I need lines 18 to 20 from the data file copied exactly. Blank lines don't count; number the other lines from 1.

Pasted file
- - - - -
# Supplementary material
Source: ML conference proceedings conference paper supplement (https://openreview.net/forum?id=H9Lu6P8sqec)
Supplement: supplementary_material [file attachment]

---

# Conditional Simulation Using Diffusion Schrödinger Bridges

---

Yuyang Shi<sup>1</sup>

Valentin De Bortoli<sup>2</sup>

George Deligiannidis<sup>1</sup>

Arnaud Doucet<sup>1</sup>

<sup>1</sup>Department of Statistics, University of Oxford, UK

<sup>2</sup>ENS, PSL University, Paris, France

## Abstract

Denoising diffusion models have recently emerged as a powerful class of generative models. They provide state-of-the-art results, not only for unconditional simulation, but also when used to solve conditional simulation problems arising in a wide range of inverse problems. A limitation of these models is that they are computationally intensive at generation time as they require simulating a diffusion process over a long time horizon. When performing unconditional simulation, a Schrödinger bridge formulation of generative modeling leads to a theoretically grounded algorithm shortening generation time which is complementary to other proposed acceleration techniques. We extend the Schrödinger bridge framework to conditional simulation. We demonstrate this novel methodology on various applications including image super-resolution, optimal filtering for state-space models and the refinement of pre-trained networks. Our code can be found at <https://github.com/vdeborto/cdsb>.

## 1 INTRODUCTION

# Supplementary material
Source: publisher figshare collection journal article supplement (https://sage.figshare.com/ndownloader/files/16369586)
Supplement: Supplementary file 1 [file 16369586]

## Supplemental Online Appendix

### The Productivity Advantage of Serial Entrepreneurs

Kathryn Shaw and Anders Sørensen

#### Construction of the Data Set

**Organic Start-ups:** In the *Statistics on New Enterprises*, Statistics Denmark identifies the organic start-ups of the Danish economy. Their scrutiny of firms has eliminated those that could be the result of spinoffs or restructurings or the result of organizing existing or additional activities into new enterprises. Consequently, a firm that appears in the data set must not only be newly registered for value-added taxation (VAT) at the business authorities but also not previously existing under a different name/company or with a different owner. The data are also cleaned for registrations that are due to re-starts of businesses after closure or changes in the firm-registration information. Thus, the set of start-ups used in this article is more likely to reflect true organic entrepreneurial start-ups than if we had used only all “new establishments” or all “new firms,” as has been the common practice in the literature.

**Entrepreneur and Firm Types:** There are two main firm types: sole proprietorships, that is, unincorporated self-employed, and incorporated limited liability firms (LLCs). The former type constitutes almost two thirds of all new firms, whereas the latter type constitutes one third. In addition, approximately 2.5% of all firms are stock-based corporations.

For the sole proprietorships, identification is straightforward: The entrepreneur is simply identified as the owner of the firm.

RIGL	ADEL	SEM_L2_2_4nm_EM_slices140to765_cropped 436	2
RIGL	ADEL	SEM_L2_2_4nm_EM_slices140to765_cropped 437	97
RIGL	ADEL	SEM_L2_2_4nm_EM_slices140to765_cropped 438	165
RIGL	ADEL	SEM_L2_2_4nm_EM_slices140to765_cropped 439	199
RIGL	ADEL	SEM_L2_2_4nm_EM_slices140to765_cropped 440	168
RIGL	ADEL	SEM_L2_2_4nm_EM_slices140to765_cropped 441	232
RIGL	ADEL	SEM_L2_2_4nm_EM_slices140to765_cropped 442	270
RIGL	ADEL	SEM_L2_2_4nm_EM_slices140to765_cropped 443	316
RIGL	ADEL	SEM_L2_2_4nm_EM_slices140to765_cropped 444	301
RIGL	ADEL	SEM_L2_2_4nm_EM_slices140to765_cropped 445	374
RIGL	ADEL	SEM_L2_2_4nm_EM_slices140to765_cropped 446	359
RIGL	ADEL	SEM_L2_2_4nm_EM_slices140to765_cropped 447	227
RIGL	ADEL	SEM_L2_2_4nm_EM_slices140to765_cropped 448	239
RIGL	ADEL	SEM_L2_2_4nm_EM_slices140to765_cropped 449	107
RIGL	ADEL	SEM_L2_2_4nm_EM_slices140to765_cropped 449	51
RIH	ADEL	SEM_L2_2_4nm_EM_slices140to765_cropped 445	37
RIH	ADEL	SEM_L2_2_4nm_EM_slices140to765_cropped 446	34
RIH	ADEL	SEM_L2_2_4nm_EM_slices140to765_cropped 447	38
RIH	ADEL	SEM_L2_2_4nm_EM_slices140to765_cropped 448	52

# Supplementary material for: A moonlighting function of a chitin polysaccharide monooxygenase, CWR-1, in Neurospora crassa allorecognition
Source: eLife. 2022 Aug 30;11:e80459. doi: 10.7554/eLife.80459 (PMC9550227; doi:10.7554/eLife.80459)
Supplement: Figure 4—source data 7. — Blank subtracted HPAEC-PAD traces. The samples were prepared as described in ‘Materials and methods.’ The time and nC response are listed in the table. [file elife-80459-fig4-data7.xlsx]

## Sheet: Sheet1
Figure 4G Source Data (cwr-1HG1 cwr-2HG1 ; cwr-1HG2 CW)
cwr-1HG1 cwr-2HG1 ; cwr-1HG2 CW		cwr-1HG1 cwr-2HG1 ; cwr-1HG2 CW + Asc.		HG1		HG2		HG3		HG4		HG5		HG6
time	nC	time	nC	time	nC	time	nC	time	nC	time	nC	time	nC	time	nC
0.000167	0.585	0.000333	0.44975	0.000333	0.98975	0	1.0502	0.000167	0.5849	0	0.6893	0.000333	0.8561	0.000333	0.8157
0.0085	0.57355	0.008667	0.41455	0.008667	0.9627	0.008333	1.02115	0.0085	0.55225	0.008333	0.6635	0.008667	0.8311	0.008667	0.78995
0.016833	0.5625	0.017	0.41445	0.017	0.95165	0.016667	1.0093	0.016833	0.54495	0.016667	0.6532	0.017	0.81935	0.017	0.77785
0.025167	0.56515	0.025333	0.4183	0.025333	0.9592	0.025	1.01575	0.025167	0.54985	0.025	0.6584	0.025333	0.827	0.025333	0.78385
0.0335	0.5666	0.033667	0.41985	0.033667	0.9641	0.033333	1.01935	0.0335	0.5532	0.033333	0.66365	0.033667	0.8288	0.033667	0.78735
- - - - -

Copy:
Supplement: Supplementary file 1 [file 16369586]

## Supplemental Online Appendix

### The Productivity Advantage of Serial Entrepreneurs